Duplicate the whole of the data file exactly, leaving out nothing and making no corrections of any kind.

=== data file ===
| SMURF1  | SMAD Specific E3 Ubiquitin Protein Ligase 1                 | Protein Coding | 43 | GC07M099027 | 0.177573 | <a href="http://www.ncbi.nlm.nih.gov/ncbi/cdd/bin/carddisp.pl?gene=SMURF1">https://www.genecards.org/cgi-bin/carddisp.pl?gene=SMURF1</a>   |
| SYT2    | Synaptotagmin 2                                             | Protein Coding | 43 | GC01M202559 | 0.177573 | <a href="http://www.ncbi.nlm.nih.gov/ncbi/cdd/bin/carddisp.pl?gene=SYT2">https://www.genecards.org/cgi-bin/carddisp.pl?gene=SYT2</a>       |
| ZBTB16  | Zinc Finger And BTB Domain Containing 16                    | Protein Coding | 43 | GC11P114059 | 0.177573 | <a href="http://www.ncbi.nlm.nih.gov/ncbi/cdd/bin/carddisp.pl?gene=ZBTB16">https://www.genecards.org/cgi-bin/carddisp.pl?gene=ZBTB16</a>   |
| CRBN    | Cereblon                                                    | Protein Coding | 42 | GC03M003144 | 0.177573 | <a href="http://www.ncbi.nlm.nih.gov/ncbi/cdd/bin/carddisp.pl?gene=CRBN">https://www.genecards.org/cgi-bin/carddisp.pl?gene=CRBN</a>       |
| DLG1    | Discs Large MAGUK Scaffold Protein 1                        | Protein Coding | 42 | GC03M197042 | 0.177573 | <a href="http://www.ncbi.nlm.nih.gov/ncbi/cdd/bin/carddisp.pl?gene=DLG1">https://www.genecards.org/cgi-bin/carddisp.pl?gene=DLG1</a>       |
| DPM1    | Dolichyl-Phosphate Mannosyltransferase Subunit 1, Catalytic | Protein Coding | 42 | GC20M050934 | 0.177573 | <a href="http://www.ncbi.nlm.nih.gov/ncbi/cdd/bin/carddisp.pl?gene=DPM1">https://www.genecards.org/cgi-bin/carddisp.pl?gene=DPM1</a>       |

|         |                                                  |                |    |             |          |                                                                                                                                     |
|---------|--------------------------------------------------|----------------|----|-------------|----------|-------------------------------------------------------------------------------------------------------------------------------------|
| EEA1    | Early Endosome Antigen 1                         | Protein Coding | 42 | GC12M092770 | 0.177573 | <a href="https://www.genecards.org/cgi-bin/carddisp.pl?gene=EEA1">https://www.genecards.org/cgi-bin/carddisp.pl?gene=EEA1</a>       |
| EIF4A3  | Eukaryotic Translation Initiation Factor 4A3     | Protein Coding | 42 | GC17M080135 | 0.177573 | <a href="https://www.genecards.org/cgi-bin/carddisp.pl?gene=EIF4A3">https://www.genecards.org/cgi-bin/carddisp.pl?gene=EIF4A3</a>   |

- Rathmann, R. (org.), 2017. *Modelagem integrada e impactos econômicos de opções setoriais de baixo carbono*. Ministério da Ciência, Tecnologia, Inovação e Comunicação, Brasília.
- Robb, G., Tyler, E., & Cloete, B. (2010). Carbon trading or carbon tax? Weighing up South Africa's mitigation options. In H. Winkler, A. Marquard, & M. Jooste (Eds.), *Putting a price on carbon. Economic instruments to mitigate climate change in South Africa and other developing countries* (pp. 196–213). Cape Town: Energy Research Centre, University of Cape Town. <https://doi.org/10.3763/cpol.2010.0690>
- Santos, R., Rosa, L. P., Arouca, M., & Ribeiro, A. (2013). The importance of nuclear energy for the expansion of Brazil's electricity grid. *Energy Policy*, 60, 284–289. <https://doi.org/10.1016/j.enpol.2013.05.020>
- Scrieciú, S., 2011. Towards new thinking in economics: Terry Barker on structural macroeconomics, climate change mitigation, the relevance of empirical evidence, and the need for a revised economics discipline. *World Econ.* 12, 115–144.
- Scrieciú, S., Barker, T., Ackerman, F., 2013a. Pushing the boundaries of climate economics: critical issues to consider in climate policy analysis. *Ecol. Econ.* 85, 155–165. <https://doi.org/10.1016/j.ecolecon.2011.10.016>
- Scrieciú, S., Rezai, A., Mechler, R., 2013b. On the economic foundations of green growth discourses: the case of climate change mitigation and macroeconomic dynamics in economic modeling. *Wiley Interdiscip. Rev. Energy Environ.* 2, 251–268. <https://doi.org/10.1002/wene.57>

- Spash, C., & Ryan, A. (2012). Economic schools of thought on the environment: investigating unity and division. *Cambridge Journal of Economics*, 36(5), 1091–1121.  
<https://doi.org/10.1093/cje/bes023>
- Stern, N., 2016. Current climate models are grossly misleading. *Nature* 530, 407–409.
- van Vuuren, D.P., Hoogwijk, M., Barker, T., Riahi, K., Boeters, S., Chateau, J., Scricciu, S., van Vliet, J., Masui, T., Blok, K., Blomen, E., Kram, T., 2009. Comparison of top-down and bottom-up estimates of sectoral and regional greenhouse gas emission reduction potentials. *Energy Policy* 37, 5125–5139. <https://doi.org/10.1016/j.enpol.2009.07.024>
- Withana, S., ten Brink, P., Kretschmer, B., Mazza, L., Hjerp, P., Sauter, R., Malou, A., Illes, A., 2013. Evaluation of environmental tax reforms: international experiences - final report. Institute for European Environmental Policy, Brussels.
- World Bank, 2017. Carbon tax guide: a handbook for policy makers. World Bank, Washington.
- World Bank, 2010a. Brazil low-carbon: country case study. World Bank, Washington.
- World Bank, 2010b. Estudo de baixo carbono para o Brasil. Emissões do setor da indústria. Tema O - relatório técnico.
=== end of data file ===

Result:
| SMURF1  | SMAD Specific E3 Ubiquitin Protein Ligase 1                 | Protein Coding | 43 | GC07M099027 | 0.177573 | <a href="http://www.ncbi.nlm.nih.gov/ncbi/cdd/bin/carddisp.pl?gene=SMURF1">https://www.genecards.org/cgi-bin/carddisp.pl?gene=SMURF1</a>   |
| SYT2    | Synaptotagmin 2                                             | Protein Coding | 43 | GC01M202559 | 0.177573 | <a href="http://www.ncbi.nlm.nih.gov/ncbi/cdd/bin/carddisp.pl?gene=SYT2">https://www.genecards.org/cgi-bin/carddisp.pl?gene=SYT2</a>       |
| ZBTB16  | Zinc Finger And BTB Domain Containing 16                    | Protein Coding | 43 | GC11P114059 | 0.177573 | <a href="http://www.ncbi.nlm.nih.gov/ncbi/cdd/bin/carddisp.pl?gene=ZBTB16">https://www.genecards.org/cgi-bin/carddisp.pl?gene=ZBTB16</a>   |
| CRBN    | Cereblon                                                    | Protein Coding | 42 | GC03M003144 | 0.177573 | <a href="http://www.ncbi.nlm.nih.gov/ncbi/cdd/bin/carddisp.pl?gene=CRBN">https://www.genecards.org/cgi-bin/carddisp.pl?gene=CRBN</a>       |
| DLG1    | Discs Large MAGUK Scaffold Protein 1                        | Protein Coding | 42 | GC03M197042 | 0.177573 | <a href="http://www.ncbi.nlm.nih.gov/ncbi/cdd/bin/carddisp.pl?gene=DLG1">https://www.genecards.org/cgi-bin/carddisp.pl?gene=DLG1</a>       |
| DPM1    | Dolichyl-Phosphate Mannosyltransferase Subunit 1, Catalytic | Protein Coding | 42 | GC20M050934 | 0.177573 | <a href="http://www.ncbi.nlm.nih.gov/ncbi/cdd/bin/carddisp.pl?gene=DPM1">https://www.genecards.org/cgi-bin/carddisp.pl?gene=DPM1</a>       |

|         |                                                  |                |    |             |          |                                                                                                                                     |
|---------|--------------------------------------------------|----------------|----|-------------|----------|-------------------------------------------------------------------------------------------------------------------------------------|
| EEA1    | Early Endosome Antigen 1                         | Protein Coding | 42 | GC12M092770 | 0.177573 | <a href="https://www.genecards.org/cgi-bin/carddisp.pl?gene=EEA1">https://www.genecards.org/cgi-bin/carddisp.pl?gene=EEA1</a>       |
| EIF4A3  | Eukaryotic Translation Initiation Factor 4A3     | Protein Coding | 42 | GC17M080135 | 0.177573 | <a href="https://www.genecards.org/cgi-bin/carddisp.pl?gene=EIF4A3">https://www.genecards.org/cgi-bin/carddisp.pl?gene=EIF4A3</a>   |

- Rathmann, R. (org.), 2017. *Modelagem integrada e impactos econômicos de opções setoriais de baixo carbono*. Ministério da Ciência, Tecnologia, Inovação e Comunicação, Brasília.
- Robb, G., Tyler, E., & Cloete, B. (2010). Carbon trading or carbon tax? Weighing up South Africa's mitigation options. In H. Winkler, A. Marquard, & M. Jooste (Eds.), *Putting a price on carbon. Economic instruments to mitigate climate change in South Africa and other developing countries* (pp. 196–213). Cape Town: Energy Research Centre, University of Cape Town. <https://doi.org/10.3763/cpol.2010.0690>
- Santos, R., Rosa, L. P., Arouca, M., & Ribeiro, A. (2013). The importance of nuclear energy for the expansion of Brazil's electricity grid. *Energy Policy*, 60, 284–289. <https://doi.org/10.1016/j.enpol.2013.05.020>
- Scrieciú, S., 2011. Towards new thinking in economics: Terry Barker on structural macroeconomics, climate change mitigation, the relevance of empirical evidence, and the need for a revised economics discipline. *World Econ.* 12, 115–144.
- Scrieciú, S., Barker, T., Ackerman, F., 2013a. Pushing the boundaries of climate economics: critical issues to consider in climate policy analysis. *Ecol. Econ.* 85, 155–165. <https://doi.org/10.1016/j.ecolecon.2011.10.016>
- Scrieciú, S., Rezai, A., Mechler, R., 2013b. On the economic foundations of green growth discourses: the case of climate change mitigation and macroeconomic dynamics in economic modeling. *Wiley Interdiscip. Rev. Energy Environ.* 2, 251–268. <https://doi.org/10.1002/wene.57>

- Spash, C., & Ryan, A. (2012). Economic schools of thought on the environment: investigating unity and division. *Cambridge Journal of Economics*, 36(5), 1091–1121.  
<https://doi.org/10.1093/cje/bes023>
- Stern, N., 2016. Current climate models are grossly misleading. *Nature* 530, 407–409.
- van Vuuren, D.P., Hoogwijk, M., Barker, T., Riahi, K., Boeters, S., Chateau, J., Scricciu, S., van Vliet, J., Masui, T., Blok, K., Blomen, E., Kram, T., 2009. Comparison of top-down and bottom-up estimates of sectoral and regional greenhouse gas emission reduction potentials. *Energy Policy* 37, 5125–5139. <https://doi.org/10.1016/j.enpol.2009.07.024>
- Withana, S., ten Brink, P., Kretschmer, B., Mazza, L., Hjerp, P., Sauter, R., Malou, A., Illes, A., 2013. Evaluation of environmental tax reforms: international experiences - final report. Institute for European Environmental Policy, Brussels.
- World Bank, 2017. Carbon tax guide: a handbook for policy makers. World Bank, Washington.
- World Bank, 2010a. Brazil low-carbon: country case study. World Bank, Washington.
- World Bank, 2010b. Estudo de baixo carbono para o Brasil. Emissões do setor da indústria. Tema O - relatório técnico.